Community perceptions of chlorination and other water-purification methods in Nepal Print E-mail

by Emmanuelle Ravat-Francoise 

Abstract

Environmental Camps for Conservation Awareness (ECCA-Nepal) has been working with Antenna Technologies since 2008 to produce and distribute WATASOL, a chlorination solution designed to purify water at the household level. So far, WATASOL has been primarily distributed through schools ; more specifically, ECCA has been training students who are members of “Nature Clubs” to produce chlorine through electrolysis thanks to the electro- chlorination device which they provide (“WATA”), and to distribute it through their communities, conducting door-to-door “safe water awareness campaigns” as they do so.

However, the uptake for WATASOL has been rather slow. While the original goal of this Safe Drinking Water initiative was for WATASOL to become a revenue-generating product for schools and entrepreneurs who distribute it, it is still heavily subsidized. In addition, many first- time users of WATASOL do not repeat their purchase.

A household survey in a variety of communities in the Kathmandu valley (Khokana, Dhapakhel, Bansighat, Bungamati, Lele and Champi) was conducted in July and August 2014. It included questions on the respondents’ level of awareness regarding HWTS, their satisfaction with respect to their water supply situation and their behavior regarding water treatments such as chlorination, filtration, boiling or solar disinfection. The survey showed that most people are aware of safe water solutions, including chlorination. However, they tend to use chlorination or other purification methods only when they perceive an urgent need for it, namely when the water is visibly turbid, or when a family member is sick. The taste of chlorine in WATASOL-treated water is also an issue for many users. In addition, a supply-system relying heavily on schools’ nature clubs may not be sufficient to turn WATASOL into a household brand.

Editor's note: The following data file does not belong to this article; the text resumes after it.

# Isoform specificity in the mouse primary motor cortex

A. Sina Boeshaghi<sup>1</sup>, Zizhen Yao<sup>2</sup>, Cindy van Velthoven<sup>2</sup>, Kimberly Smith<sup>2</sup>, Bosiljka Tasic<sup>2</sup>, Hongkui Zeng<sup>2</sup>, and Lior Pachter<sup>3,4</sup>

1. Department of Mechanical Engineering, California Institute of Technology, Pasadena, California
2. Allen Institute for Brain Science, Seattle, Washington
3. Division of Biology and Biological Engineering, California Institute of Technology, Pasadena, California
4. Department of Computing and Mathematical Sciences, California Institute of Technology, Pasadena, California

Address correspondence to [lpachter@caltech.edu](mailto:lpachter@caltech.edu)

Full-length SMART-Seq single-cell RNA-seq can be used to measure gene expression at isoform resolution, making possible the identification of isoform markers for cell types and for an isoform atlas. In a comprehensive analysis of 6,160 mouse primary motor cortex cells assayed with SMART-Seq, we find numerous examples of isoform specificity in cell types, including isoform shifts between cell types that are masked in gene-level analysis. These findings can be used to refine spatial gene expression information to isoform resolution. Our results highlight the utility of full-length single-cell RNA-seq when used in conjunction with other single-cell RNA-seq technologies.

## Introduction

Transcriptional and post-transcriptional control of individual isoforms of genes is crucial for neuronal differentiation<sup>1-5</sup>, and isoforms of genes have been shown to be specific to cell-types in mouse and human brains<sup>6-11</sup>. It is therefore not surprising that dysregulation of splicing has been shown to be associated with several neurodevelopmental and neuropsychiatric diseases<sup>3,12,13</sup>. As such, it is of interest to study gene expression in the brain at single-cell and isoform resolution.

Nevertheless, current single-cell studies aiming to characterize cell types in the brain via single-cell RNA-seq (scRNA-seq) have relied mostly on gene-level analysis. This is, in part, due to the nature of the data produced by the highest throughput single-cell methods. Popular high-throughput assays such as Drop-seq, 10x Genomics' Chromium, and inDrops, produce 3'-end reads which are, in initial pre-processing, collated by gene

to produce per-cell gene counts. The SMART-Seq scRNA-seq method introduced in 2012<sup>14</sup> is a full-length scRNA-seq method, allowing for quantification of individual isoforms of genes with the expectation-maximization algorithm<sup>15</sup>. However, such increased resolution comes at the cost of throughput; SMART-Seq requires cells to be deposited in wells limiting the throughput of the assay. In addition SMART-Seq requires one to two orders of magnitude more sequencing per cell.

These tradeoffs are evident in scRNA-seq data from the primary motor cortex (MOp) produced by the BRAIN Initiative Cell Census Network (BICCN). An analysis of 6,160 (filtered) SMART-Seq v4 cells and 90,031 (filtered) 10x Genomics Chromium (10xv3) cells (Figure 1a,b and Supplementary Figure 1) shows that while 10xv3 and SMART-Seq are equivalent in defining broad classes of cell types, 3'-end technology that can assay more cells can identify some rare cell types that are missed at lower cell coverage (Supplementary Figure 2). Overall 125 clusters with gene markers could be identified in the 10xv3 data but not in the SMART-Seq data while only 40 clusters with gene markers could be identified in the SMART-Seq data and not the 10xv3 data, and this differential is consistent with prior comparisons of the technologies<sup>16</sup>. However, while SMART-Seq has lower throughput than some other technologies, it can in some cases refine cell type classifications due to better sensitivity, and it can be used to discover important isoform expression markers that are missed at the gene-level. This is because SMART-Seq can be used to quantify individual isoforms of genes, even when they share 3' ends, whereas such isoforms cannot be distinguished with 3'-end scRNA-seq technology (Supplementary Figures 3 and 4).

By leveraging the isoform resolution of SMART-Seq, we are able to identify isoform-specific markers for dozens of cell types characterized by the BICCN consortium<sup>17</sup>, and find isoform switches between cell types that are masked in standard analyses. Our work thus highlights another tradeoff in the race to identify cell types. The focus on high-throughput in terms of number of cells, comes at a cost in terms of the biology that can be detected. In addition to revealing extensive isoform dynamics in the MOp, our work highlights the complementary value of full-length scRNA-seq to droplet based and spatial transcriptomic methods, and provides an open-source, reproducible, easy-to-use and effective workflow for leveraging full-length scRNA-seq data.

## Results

Moreover, Safe Water awareness remains a key issue. For example, although many people use a basic candle filter, most users do not change their candles regularly, primarily because they are not aware they should do so, or because they might not be able to afford it and/or see the need for it. This suggests that more should be done in terms of awareness messages around safe drinking water, be it at the institutional level, at the place of purchase of water purification products, or via other means such as establishing or reinforcing collaboration with healthcare workers or other groups (Women’s groups, youth groups, etc.). In order to explore these various options, qualitative interviews with schools and their nature clubs, local NGOs, public institutions and other organizations dealing with water issues were also conducted.

Download the study on marketing safe water in Nepal.